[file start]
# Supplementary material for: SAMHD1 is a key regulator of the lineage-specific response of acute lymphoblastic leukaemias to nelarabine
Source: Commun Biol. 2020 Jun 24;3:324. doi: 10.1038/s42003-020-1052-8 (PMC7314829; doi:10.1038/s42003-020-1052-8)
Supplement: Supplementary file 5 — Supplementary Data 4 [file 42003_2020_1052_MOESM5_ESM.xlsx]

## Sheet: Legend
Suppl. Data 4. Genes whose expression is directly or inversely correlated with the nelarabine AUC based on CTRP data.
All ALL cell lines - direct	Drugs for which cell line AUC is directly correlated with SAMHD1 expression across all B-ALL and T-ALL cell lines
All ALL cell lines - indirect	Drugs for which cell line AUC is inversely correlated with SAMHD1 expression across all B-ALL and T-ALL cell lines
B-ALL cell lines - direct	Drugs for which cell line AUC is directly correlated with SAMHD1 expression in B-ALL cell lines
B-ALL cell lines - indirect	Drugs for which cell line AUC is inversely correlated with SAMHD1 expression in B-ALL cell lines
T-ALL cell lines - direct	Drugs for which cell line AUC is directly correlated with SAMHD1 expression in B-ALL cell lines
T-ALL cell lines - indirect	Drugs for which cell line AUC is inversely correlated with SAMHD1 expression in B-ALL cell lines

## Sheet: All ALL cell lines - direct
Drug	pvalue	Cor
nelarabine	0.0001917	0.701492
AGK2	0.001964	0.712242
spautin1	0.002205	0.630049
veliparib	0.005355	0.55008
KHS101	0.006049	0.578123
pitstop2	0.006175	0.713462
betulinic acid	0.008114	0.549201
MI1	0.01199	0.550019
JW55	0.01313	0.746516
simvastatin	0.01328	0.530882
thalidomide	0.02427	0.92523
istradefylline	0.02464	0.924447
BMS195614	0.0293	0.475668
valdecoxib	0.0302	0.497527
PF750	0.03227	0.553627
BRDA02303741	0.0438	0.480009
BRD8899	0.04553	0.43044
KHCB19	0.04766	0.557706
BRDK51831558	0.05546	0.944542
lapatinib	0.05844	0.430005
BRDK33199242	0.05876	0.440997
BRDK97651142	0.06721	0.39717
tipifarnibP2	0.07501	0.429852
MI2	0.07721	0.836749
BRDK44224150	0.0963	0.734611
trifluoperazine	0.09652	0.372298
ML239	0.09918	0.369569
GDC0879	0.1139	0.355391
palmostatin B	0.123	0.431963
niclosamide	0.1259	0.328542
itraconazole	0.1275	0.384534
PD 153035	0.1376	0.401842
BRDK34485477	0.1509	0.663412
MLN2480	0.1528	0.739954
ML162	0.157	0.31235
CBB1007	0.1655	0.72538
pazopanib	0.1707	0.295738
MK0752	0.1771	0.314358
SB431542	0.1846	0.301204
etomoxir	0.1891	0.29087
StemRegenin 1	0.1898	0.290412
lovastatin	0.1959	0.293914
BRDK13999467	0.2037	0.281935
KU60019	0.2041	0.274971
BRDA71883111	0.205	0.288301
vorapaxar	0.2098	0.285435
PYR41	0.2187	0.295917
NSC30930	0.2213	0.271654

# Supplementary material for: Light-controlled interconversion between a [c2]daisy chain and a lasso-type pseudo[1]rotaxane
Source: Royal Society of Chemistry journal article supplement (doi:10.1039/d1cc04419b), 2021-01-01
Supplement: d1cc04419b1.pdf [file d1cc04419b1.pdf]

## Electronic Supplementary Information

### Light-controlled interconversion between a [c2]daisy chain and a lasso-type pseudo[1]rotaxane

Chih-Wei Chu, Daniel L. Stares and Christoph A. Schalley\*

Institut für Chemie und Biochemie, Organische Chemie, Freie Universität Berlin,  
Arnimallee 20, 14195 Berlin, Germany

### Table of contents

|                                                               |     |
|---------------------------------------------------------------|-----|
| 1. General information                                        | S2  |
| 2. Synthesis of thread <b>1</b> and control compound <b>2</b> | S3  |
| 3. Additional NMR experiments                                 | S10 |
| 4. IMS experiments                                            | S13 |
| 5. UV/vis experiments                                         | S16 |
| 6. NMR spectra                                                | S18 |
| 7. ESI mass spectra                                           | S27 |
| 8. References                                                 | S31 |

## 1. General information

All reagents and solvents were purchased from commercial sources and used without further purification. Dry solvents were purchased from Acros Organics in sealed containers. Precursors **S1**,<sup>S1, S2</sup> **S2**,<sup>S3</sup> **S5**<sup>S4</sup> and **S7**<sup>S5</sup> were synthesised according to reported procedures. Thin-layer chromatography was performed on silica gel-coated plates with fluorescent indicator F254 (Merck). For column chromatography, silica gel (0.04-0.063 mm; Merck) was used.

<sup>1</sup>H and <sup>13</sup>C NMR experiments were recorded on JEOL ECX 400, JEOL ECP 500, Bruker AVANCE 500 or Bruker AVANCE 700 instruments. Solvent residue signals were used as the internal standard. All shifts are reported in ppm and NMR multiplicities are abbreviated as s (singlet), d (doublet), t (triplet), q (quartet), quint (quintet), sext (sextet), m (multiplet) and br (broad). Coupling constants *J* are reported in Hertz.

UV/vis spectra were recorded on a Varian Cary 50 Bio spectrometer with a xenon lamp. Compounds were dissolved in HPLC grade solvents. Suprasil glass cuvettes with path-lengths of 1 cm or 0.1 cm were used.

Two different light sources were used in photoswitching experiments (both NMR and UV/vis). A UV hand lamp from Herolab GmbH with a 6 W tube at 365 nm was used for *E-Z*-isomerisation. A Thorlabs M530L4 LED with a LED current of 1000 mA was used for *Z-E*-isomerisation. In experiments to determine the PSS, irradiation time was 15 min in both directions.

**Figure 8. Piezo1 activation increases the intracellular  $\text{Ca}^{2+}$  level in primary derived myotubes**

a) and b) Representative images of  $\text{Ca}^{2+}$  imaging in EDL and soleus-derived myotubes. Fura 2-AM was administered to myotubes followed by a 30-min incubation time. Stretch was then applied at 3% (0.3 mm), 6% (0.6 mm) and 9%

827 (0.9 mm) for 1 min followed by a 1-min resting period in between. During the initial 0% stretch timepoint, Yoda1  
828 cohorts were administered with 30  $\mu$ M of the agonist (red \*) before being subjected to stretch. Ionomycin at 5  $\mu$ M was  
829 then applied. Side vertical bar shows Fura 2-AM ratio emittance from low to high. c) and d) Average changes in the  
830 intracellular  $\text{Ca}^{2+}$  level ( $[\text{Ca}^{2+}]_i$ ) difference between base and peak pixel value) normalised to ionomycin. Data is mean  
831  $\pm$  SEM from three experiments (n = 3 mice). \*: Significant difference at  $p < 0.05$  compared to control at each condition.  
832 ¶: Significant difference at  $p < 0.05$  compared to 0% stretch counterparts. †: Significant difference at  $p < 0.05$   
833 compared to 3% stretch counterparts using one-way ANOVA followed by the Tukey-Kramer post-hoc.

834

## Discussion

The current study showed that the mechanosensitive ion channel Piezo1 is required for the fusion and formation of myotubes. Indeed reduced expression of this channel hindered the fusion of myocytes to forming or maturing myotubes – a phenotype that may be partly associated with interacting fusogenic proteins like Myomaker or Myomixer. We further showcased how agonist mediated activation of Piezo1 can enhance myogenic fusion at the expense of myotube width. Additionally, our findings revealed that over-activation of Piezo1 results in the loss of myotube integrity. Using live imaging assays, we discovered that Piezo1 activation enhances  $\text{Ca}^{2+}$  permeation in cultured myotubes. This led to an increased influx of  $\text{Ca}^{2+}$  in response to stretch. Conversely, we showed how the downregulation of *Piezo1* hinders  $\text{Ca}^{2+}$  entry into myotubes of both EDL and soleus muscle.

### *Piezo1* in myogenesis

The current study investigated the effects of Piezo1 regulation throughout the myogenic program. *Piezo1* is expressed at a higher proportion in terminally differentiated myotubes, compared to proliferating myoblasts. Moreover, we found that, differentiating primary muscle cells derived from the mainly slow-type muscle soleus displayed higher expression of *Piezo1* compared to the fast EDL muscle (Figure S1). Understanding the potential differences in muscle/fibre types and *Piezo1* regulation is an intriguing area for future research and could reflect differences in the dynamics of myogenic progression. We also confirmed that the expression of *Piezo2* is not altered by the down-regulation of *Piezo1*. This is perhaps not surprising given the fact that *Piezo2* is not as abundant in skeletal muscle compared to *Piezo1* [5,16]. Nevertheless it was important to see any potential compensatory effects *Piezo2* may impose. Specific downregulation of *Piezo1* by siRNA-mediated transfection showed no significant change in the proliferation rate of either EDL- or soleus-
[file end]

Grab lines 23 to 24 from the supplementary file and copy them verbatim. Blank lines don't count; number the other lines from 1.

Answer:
simvastatin	0.01328	0.530882
thalidomide	0.02427	0.92523